Q+A: Kelvin Kotchilea — candidate for Monfwi MLA

A headshot of Kotchilea. (Supplied by Kelvin Kotchilea.)
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Kelvin Kotchilea, who works with the GNWT as a finance officer, is one of four candidates running in the Monfwi MLA byelection. The seat is vacant after former MLA Jackson Lafferty stepped back from the position he held for more than 15 years.

100.1 True North FM has reached out to all the candidates for an interview.

Voting happens on July 27.

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BM: Why did you decide to run?

KK: I was a renewable resource officer in my community in Behchoko, and it was becoming too culturally sensitive. And at that point, I decided to take a step back and go back to post secondary in the Business Administration, accounting program. And during the program, I learned about leadership and financial accounting and then the opportunity was there and I had a lot of support from people to be a candidate for the MLA position.

BM: What were people saying? Did you go to them and say, ‘Oh, I’d like to run?’ Or did they come to you and say, ‘Oh, I think you’d be good at this’?

KK: So someone asked me a question. ‘Real quick, what are you currently doing?’ And my answer was, ‘Right now, I graduated from the business administration diploma program. So I’m working as a finance officer for Education, Culture, and Employment.’ And I kind of mentioned that I’m 16 courses shy of a degree as an accounting major. But that being said, in five years, I would like to see myself in senior management and then progress to a chartered professional accountant. And then at that point, the person said, ‘That’s what we need in a leader that has goals and visions, that can mean something to work towards, like a plan and that’s what we would like in a MLA and you should strongly consider it.’ And then it just floated around from there. I think after all, I finally made that decision to work for my community for my region, and give back.

BM: What makes you qualified to be elected to the position of MLA?

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KK: I think, what I consider that people don’t look closely at — MLA sit on various committees, and they table a lot of financial discipline or financial management works. Yeah. And then within the allocated funds for operation and maintenance, which is the biggest portion of your budgeting for all departments, for all their programs and services, there’s a small portion that for infrastructure and capital procurement and by having a strong financial background or even a clear understanding, you can then advocate for more for your region, based on working with the constituents. What, what do they like to see your term? So having that communication skill, both financially and then being able to communicate it back for my constituency.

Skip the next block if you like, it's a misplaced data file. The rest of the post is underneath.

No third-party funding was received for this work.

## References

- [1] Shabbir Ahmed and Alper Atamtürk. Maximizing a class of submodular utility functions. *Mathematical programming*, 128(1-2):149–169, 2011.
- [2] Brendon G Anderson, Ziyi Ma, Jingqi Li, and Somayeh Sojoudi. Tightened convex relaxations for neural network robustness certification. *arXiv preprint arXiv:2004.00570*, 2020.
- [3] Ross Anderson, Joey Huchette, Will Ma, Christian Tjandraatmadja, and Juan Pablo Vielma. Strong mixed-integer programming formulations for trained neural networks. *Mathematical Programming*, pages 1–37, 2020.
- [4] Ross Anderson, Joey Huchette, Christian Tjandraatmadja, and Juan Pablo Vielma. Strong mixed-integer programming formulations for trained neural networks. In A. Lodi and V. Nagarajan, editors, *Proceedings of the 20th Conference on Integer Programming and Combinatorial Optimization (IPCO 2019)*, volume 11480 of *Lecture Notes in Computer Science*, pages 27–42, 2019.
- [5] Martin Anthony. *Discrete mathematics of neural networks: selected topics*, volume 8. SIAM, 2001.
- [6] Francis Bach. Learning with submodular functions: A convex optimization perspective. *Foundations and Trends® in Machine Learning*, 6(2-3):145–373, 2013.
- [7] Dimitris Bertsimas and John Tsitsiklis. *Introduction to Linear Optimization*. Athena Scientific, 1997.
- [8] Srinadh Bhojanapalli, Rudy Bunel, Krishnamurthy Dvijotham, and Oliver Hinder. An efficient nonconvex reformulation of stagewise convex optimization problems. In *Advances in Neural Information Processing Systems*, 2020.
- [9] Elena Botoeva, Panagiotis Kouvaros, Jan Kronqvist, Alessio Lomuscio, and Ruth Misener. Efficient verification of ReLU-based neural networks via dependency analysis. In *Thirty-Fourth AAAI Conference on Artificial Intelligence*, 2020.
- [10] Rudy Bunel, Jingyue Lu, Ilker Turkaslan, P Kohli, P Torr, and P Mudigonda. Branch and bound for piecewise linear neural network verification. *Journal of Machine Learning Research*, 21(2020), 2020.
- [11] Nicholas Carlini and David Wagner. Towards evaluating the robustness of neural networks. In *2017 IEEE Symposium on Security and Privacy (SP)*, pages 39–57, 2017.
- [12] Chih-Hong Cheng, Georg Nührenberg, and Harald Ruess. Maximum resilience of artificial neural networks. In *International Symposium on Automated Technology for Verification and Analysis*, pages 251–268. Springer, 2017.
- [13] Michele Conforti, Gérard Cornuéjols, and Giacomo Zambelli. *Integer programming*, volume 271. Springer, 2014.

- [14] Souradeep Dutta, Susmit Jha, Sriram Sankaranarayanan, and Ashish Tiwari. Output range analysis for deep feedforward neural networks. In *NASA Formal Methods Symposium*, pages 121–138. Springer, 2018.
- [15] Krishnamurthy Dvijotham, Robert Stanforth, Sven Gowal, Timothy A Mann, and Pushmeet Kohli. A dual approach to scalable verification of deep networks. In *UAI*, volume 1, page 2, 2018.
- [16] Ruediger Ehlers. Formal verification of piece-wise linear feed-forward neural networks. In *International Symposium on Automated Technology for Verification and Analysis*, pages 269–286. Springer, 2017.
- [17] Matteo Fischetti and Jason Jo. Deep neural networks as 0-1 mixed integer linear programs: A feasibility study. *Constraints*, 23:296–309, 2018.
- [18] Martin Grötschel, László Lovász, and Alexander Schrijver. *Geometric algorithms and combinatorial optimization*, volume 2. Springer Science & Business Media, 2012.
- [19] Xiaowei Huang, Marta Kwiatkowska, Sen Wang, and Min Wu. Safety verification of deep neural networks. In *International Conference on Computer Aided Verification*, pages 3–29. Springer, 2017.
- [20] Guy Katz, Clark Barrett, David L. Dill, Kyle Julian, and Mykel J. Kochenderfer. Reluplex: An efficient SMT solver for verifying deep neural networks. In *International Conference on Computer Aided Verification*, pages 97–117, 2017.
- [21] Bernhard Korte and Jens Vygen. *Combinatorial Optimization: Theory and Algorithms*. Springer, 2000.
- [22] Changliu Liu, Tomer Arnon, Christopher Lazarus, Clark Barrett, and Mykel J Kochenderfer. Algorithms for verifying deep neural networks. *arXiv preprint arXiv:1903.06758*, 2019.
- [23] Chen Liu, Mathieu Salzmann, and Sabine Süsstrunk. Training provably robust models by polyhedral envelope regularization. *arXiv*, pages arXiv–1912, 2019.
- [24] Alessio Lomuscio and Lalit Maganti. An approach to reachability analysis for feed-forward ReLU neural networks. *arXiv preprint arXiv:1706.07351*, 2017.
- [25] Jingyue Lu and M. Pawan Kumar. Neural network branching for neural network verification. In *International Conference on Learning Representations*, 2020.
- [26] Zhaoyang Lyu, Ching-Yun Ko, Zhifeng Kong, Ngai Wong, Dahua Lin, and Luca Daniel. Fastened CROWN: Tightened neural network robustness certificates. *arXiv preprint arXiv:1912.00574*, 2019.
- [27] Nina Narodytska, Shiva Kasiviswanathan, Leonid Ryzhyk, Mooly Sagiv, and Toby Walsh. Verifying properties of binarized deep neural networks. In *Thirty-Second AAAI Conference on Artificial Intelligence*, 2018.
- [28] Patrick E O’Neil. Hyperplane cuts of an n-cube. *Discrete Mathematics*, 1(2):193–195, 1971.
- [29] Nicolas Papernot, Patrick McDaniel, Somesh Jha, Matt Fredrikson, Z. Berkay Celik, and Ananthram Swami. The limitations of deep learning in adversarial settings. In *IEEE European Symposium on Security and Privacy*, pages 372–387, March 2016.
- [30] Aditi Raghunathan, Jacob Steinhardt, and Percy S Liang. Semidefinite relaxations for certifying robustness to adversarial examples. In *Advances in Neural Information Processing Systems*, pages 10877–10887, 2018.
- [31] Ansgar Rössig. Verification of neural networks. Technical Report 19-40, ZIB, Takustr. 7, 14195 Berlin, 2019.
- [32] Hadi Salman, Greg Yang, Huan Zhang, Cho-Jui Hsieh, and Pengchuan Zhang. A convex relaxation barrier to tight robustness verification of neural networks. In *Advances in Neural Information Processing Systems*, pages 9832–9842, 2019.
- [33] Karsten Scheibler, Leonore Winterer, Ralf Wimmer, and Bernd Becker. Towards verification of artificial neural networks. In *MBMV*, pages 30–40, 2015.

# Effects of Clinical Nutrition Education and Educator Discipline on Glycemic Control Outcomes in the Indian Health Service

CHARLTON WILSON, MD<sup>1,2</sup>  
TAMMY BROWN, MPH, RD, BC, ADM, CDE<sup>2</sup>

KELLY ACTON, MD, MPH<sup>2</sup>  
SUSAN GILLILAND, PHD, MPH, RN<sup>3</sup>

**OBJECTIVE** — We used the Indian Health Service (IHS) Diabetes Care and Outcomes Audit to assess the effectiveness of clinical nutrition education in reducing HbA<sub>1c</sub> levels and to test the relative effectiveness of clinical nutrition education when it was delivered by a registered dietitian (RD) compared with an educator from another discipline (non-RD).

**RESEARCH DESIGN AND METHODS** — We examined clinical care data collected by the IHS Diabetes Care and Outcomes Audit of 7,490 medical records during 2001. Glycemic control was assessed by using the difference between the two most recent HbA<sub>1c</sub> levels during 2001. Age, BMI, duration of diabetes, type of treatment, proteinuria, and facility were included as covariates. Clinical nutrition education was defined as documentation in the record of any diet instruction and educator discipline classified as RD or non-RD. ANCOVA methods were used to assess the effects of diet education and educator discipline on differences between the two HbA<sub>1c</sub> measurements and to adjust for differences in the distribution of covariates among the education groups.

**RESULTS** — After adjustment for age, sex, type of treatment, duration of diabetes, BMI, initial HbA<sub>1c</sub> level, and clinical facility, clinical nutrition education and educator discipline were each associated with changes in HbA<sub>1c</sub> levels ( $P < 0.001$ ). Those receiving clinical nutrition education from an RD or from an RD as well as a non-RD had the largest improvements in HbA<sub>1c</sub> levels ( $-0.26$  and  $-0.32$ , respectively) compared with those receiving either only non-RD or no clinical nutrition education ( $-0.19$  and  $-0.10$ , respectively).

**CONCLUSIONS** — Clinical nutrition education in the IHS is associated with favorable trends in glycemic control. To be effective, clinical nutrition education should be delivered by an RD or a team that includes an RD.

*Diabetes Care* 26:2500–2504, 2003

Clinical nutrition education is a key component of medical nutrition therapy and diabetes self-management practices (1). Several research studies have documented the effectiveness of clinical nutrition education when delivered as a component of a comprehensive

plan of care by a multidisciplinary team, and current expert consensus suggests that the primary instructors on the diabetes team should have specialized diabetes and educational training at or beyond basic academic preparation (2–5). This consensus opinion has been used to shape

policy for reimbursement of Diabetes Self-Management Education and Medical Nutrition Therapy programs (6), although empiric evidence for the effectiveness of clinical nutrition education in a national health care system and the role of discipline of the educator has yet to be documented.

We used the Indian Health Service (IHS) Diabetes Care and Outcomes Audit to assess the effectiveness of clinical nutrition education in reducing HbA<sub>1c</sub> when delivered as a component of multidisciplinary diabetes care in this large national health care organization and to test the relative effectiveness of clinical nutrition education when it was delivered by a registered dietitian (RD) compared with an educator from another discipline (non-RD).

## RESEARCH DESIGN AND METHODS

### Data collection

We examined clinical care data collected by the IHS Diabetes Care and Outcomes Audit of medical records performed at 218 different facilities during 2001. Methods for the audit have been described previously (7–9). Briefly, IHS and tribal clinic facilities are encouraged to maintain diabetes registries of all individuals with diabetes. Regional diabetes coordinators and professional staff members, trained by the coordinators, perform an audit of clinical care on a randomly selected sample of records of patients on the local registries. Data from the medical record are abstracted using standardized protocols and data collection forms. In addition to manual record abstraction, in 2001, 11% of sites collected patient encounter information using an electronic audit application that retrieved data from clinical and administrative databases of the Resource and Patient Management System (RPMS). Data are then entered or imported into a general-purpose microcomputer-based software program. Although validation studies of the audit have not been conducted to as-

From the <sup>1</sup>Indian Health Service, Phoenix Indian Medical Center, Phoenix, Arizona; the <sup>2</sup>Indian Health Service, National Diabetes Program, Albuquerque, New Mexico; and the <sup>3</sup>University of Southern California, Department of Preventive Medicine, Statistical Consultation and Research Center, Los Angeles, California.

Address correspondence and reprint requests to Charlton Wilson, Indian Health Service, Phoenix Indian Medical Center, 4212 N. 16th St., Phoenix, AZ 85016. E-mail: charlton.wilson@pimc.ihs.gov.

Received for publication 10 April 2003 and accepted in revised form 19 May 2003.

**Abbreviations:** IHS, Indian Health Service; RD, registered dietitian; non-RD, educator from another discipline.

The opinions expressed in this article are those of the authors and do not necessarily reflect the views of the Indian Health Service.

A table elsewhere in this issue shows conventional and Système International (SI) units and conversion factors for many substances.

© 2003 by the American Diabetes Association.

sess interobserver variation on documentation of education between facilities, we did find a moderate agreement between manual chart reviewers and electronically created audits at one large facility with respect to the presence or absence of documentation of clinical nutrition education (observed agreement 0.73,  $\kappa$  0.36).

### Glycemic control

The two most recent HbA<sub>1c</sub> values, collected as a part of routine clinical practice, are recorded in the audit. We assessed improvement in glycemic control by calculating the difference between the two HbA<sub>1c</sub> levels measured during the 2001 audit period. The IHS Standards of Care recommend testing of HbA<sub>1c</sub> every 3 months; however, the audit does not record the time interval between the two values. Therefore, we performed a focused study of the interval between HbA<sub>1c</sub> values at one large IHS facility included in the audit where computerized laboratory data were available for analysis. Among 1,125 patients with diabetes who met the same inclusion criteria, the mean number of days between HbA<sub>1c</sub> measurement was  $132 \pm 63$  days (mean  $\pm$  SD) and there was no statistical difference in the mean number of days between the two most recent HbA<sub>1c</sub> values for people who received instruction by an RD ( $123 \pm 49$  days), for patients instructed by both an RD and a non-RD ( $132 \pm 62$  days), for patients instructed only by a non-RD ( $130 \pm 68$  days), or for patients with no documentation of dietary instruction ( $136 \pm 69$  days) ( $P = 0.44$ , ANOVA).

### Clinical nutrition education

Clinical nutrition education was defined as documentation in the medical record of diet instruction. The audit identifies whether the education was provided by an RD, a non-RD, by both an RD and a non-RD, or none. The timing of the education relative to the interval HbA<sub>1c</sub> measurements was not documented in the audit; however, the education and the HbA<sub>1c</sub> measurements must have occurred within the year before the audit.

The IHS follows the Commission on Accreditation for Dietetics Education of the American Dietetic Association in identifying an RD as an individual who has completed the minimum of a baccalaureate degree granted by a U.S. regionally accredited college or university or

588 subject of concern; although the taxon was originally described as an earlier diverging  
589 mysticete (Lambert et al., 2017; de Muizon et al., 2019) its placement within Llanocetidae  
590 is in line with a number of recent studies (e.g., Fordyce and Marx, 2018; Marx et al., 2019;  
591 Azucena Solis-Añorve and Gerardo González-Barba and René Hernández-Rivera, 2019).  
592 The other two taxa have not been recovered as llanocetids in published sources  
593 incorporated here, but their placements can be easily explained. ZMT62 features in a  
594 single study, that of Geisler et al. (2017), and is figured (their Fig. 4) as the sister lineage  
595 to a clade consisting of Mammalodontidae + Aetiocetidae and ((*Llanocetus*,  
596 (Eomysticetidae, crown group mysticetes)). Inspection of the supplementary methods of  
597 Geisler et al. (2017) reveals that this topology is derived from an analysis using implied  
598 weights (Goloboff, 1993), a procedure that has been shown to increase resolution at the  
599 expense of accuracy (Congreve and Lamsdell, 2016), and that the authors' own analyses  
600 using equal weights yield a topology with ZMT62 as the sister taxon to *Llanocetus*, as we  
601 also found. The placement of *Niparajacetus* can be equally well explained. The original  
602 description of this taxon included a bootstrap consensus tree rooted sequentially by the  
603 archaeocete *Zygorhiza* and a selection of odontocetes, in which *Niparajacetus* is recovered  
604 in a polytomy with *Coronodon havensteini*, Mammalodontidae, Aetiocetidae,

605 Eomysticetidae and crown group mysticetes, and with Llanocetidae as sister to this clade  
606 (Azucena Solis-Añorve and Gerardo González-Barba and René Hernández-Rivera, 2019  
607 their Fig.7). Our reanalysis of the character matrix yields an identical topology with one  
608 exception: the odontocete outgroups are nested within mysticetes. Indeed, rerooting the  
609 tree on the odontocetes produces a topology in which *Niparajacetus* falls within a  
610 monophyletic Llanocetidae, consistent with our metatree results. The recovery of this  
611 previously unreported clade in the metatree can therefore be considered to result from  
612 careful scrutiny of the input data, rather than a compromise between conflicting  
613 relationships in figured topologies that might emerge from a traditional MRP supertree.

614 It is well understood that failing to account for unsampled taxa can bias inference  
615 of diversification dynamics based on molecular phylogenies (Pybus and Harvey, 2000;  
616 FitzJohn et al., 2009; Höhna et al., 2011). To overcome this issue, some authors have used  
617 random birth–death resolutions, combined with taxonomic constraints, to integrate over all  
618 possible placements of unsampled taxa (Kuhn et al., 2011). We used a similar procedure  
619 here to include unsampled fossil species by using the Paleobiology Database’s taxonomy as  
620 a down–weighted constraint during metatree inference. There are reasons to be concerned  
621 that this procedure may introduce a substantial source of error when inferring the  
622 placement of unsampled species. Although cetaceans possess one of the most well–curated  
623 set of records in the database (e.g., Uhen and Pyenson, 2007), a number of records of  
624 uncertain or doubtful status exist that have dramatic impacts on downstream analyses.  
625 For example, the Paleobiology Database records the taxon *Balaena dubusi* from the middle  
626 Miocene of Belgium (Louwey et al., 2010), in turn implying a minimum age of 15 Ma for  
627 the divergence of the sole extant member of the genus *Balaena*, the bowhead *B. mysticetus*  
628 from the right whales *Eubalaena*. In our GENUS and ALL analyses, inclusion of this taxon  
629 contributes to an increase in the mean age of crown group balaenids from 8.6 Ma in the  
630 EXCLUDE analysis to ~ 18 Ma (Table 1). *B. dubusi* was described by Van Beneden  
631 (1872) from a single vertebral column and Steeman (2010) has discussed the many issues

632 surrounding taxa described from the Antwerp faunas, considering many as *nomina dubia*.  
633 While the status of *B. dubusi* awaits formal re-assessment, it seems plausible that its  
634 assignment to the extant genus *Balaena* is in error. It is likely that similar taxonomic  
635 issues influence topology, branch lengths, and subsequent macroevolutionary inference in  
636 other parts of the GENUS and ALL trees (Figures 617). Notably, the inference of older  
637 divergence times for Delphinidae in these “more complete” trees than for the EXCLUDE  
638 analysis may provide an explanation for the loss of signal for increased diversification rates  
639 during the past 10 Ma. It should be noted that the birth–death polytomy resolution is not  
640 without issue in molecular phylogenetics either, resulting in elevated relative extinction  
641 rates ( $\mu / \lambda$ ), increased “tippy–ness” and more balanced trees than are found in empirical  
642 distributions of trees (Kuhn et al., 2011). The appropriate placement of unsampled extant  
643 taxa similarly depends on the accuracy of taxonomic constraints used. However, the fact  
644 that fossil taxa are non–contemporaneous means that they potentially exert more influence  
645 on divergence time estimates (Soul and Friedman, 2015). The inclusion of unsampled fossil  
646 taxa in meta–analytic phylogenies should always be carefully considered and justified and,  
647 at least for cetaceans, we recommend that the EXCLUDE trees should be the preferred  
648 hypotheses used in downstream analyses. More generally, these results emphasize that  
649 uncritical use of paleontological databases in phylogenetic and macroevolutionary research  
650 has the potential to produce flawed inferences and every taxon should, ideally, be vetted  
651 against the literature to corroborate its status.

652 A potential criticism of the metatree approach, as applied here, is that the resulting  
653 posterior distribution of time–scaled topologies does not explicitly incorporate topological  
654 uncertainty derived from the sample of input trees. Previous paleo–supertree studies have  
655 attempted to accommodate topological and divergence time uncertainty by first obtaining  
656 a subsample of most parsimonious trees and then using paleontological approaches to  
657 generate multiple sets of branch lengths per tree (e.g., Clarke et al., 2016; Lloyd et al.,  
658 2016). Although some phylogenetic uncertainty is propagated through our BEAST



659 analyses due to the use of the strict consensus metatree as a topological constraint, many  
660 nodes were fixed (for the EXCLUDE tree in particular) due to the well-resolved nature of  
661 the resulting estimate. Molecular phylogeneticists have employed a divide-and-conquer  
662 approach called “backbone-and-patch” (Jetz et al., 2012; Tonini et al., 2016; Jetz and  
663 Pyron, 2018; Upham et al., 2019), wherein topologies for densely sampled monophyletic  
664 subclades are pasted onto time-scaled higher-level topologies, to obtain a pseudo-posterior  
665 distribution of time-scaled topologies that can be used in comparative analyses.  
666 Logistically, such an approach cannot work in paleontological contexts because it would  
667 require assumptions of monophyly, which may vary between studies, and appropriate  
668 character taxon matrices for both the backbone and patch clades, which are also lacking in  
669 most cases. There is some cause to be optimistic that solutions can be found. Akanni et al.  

BM:  You mentioned advocating for more infrastructure spending for your community. What are some of the things if you were elected, you’d hope to work towards? What’s your platform?

KK: So, now that I have been going to the communities, I’m getting a better sense of key areas. So one of the biggest ones are housing, wellness and treatment — taking care of the situation, and employment. During my time with business administration, I learned about this theory called Laslow’s Hierarchy of Needs and I can get a clear sense that people need their basic needs, and psychological needs met to reach the summit — that’s the shelter work, clothing, food, then the psychological needs with mental health and wellness. So there’s the big, not that there’s a big push for it, but I can see there’s, there’s a need for it. That’s something when I started going to all four communities, I’ll collect that data and that’s going to give me an agenda of what I would like to try to accomplish in the two years.  

KK: Jackson Lafferty had been as MLA for since 2005, he had a lot of experience in the position, I was wondering what experience you have in advocacy and how will you go about advocating for these things that you think your region needs?

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KK: Right now, the difference between being a regular MLA and then having a portfolio or being the Speaker is that when you become an MLA or a speaker, you tend to give up a bit of the advocating that maybe for your constituents, because you have to be neutral, you have to cater to all residents throughout the Northwest Territories. So my goal is just to be a regular MLA, so that I can touch on various key areas that I like to address and you need to realize that, at that level of politics, there’s a lot of give and take, you have to work with other MLA’s to get what you kind of want for your community and they’re going to want something in return. So it’s just to see, where does everybody kind of sit? And what is everybody’s agenda at the end of their term? And at the end of the day, for myself, it’s just to make a big improvement in the current situation that all four communities in my region are at.